Invercargill has retained an annual growth rate higher than 13%, although conditions have cooled marginally from the prior month’s rate.
Palmerston North property values also continue on an upward trajectory and in the ‘winterless North’, WhangÄ?rei looks to have bounced out of a subdued winter for property values to see 3.6% quarterly growth leading to an annual rate of 11.3% - the greatest figure for just over a year.
Meanwhile Napier’s foray into sub-10% annual growth was short-lived as the rate rose back to 10.3% at the end of October. It seems there’s more life in the Art Deco Capital yet!
At the other end of the scale, but clearly not cause for concern by any stretch, New Plymouth is still seeing annual growth exceeding 5% (more than half of our main centres), and Hastings hasn’t fared quite as well as it’s coastal neighbour Napier, with ‘only’ 6.6% annual growth in property values.
Mr Goodall said, “The QV House Price Index for October indicates the current growth cycle is not completely over yet. The banks continue to compete strongly for mortgages via their fixed interest rates and this is enabling buyers to continue participating in the property market. Borrowers are still subject to greater scrutiny of their income and expenses but once they satisfy the bank’s criteria their mortgage payments should be relatively manageable due to historically low mortgage interest rates.”
We’re yet to see the same increases to mortgage rates that other countries are seeing, including Australia. And given our proximity to Australia, there has been some speculation that the downturn being witnessed across the ditch will be replicated here.
For now this looks unlikely, with 80% of New Zealand borrowers favouring fixed interest rates. This is almost in complete contrast to Australia where the majority of their lending is on floating rates. This greater exposure to mortgage rate movements in Australia can lead to borrowers’ payments increasing particularly for investors who have favoured interest only loans, many of which are now approaching their 3-5 year term expiry and transitioning to principal and interest payments.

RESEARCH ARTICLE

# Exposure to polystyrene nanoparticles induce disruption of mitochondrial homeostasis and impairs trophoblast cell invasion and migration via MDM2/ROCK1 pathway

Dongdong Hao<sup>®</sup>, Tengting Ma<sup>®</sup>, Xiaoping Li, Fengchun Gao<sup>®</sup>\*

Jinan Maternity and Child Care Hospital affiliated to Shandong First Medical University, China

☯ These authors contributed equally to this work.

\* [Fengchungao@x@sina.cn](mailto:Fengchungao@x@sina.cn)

The banks are also doing it a bit tougher in Australia due to the Royal Banking Commission enquiry, and while we already have, and could feel some more of the effects of this, due to the same banks being active in NZ, it appears unlikely to significantly impact lending practices any further.
This is due to domestic lenders have already tightened up on income and expense checks as well as increasing serviceability tests to guard against a down-turn. The RBNZ was also more proactive and much faster to act in terms of imposing regulatory controls, i.e. the LVR speed limits, here in NZ.
But perhaps the more important difference is that the largest capital cities of Australia (which are seeing the greatest losses in value), are moving through a record high level of new dwelling construction with an emphasis on new multi-unit dwellings.
This is in stark contrast to NZ, particularly Auckland (which is most often likened to Sydney) where you’d be hard pressed to find anyone who thinks the City is over-supplied. In fact, many calculations estimate the city is under supplied by between 30,000 and 70,000 properties.
With a construction industry already at capacity (and facing steady labour and materials costs increases) and needing to continue to grow to keep up with population increases (let alone make up for recent deficits) flowing through to demand, we don’t believe it’s as easy as saying ‘what happens there, will happen here’.
In the short term, many eyes and ears shift to the Reserve Bank, with November a big month of announcements. They’ll release their next Monetary Policy Statement, where they are likely to hold the OCR at 1.75% on November 8, followed by the Financial Stability Review on November 28.
Opinion from prominent economists appears mixed as to whether Governor Adrian Orr will announce another loosening of the LVR regulations, but either way any change is likely to be small, so anyone waiting for a ‘game-changer’ is likely to be left disappointed.


Tags: NZ Property Market , Auckland property, NZ realestate, Wellington real estate